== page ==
You see, John Wick isn’t just some lonely guy with a cool car. He’s one of the greatest assassins the criminal underworld has ever known. His nickname was “The Boogeyman” and it’s so much fun to see what would usually be brutal, badass gangsters suddenly quake with fear like they’re children hiding under the covers. If all we saw was Keanu mow down a couple dozen henchman, it might be a fun but somewhat empty experience. But JOHN WICK offers much more than this, as it creates a truly original and almost fantastical world, where hundreds of assassins walk among us, and live what look to be very interesting lives. Wick sets up shop at a hotel in lower Manhattan that caters exclusively to the world’s greatest assassins, and it’s filled with colorful characters. At the front desk you’ll find “The Wire’s” Lance Reddick as the accommodating concierge who can get you everything from a wake up call to a machinegun. The owner and proprietor is Ian McShane, who doesn’t discriminate when it comes to his guests, so long as they keep their business outside of the hotel. And those guests include the likes of Willem Dafoe and a deadly Adrianne Palicki. This is the kind of rich, detailed world that most action films wouldn’t even bother attempting to create, and I would actually welcome JOHN WICK to spawn several sequels just so I can get a chance to explore it a little more.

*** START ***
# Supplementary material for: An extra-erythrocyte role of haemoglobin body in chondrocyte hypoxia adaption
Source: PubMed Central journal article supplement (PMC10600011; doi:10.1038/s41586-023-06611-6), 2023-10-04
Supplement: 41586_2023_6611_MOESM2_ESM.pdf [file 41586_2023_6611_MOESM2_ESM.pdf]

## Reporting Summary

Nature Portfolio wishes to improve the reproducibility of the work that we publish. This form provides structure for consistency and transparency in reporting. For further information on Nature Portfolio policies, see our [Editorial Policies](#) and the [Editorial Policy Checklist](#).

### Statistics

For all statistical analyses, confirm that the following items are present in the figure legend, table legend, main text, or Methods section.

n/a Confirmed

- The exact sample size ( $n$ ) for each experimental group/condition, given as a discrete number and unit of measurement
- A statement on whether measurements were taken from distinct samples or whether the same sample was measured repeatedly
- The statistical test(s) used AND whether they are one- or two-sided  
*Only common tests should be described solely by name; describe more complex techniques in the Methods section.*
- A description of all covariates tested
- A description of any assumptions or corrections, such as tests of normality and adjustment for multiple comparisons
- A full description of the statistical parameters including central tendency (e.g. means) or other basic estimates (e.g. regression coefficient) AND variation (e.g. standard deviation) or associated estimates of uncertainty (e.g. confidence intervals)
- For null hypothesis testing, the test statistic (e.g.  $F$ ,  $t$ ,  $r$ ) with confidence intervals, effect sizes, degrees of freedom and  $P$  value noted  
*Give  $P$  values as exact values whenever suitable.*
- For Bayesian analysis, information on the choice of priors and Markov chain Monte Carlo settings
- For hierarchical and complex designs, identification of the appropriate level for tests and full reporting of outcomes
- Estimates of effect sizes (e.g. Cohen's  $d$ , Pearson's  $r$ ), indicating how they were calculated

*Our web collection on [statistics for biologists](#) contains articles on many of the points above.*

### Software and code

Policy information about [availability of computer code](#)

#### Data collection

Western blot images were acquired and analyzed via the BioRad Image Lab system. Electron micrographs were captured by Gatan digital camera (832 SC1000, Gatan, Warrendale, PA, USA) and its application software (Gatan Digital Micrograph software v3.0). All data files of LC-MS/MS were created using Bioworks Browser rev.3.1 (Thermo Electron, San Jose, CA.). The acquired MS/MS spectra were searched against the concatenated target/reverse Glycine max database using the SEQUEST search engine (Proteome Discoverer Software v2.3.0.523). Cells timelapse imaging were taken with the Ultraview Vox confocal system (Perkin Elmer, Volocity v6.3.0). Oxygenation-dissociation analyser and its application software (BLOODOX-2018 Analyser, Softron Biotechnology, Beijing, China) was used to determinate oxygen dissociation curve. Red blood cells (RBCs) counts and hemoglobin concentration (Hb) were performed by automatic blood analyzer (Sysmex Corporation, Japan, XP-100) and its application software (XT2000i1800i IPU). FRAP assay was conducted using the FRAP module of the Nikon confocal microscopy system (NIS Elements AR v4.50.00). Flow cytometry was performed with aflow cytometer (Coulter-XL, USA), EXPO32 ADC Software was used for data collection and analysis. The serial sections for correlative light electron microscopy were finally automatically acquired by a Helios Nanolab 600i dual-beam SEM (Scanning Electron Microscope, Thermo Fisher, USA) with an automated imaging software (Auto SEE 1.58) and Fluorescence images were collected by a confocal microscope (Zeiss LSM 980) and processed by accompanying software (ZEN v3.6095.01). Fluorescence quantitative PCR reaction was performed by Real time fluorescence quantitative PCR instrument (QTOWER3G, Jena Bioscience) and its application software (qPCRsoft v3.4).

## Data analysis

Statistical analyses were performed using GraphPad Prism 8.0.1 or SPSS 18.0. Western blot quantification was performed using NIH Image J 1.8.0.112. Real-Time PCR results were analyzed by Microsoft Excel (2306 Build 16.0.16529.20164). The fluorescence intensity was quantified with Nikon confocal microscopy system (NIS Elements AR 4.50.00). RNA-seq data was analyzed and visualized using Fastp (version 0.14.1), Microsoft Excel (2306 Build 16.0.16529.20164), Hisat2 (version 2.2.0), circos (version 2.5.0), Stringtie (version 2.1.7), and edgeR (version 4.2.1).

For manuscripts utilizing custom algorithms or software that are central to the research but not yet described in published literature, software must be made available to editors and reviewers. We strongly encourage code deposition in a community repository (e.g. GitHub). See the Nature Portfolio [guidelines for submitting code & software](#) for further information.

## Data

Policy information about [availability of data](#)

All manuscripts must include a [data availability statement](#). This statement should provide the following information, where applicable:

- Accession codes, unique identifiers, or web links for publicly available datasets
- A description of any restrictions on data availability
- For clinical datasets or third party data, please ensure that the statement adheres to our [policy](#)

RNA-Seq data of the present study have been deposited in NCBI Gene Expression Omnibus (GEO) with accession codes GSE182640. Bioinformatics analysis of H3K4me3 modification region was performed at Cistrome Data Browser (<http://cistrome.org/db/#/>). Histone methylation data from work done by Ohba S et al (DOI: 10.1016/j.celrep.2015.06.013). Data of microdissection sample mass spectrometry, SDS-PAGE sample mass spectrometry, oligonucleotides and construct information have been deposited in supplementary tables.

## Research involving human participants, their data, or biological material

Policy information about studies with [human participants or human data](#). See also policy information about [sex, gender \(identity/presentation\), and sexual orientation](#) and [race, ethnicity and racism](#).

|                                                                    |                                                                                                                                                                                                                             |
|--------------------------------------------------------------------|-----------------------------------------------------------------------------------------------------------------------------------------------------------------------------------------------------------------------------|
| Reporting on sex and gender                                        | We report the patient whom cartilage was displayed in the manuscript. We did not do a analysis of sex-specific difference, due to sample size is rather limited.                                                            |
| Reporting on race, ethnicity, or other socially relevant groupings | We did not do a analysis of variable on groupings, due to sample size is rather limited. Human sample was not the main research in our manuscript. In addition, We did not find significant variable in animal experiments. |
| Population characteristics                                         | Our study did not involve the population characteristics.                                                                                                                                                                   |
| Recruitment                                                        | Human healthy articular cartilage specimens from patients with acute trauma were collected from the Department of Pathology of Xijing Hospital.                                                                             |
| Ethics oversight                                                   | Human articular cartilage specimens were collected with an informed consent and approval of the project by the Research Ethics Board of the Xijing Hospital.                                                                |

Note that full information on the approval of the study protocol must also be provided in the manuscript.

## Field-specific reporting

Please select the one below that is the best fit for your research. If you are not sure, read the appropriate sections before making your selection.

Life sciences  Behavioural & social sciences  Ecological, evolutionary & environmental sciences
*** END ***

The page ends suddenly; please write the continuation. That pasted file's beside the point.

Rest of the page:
At the center of all of this is Reeves, who may not say much, but perfectly exudes a tone of intensity that makes it difficult to take one’s eyes off of. It’s easy to phone in these kinds of performances, but Reeves never looks like he’s looking forward to getting back to his trailer. Assisting him is the directing team of David Leitch and Chad Stahelski, who have served as stunt coordinators and performers on over a hundred films between them (including “The Matrix”), so it’s no wonder why the action and violence in this film look so good, and also why they were able to call in so many favors to secure their dream cast of genre veterans. It’s easy to tell that the one thing these guys must like more than making action films, is watching action films, and they seem determined to give the fans of the genre something they haven’t necessarily seen before, while still sticking close to the beats that we all want to see.
JOHN WICK can’t quite sustain its originality through the end of the film, but by the time we got there, I was feeling pretty forgiving after about an hour of giddy fun. This isn’t the kind of prestige picture that’s going to get nominated for a bunch of awards, nor is it a brainless respite from the serious dramas of the fall movie season. It’s a perfect example of what happens when someone puts a little bit of care into a film that would already be a box office hit if it were to run on auto-pilot. It’s a rare occurrence so I suggest we all cherish the opportunity to see it.
Hear more of Johnny Pomatto’s reviews on his podcast MOVIES AND FILMS WITH JOHNNY AND FRIENDS available on iTunes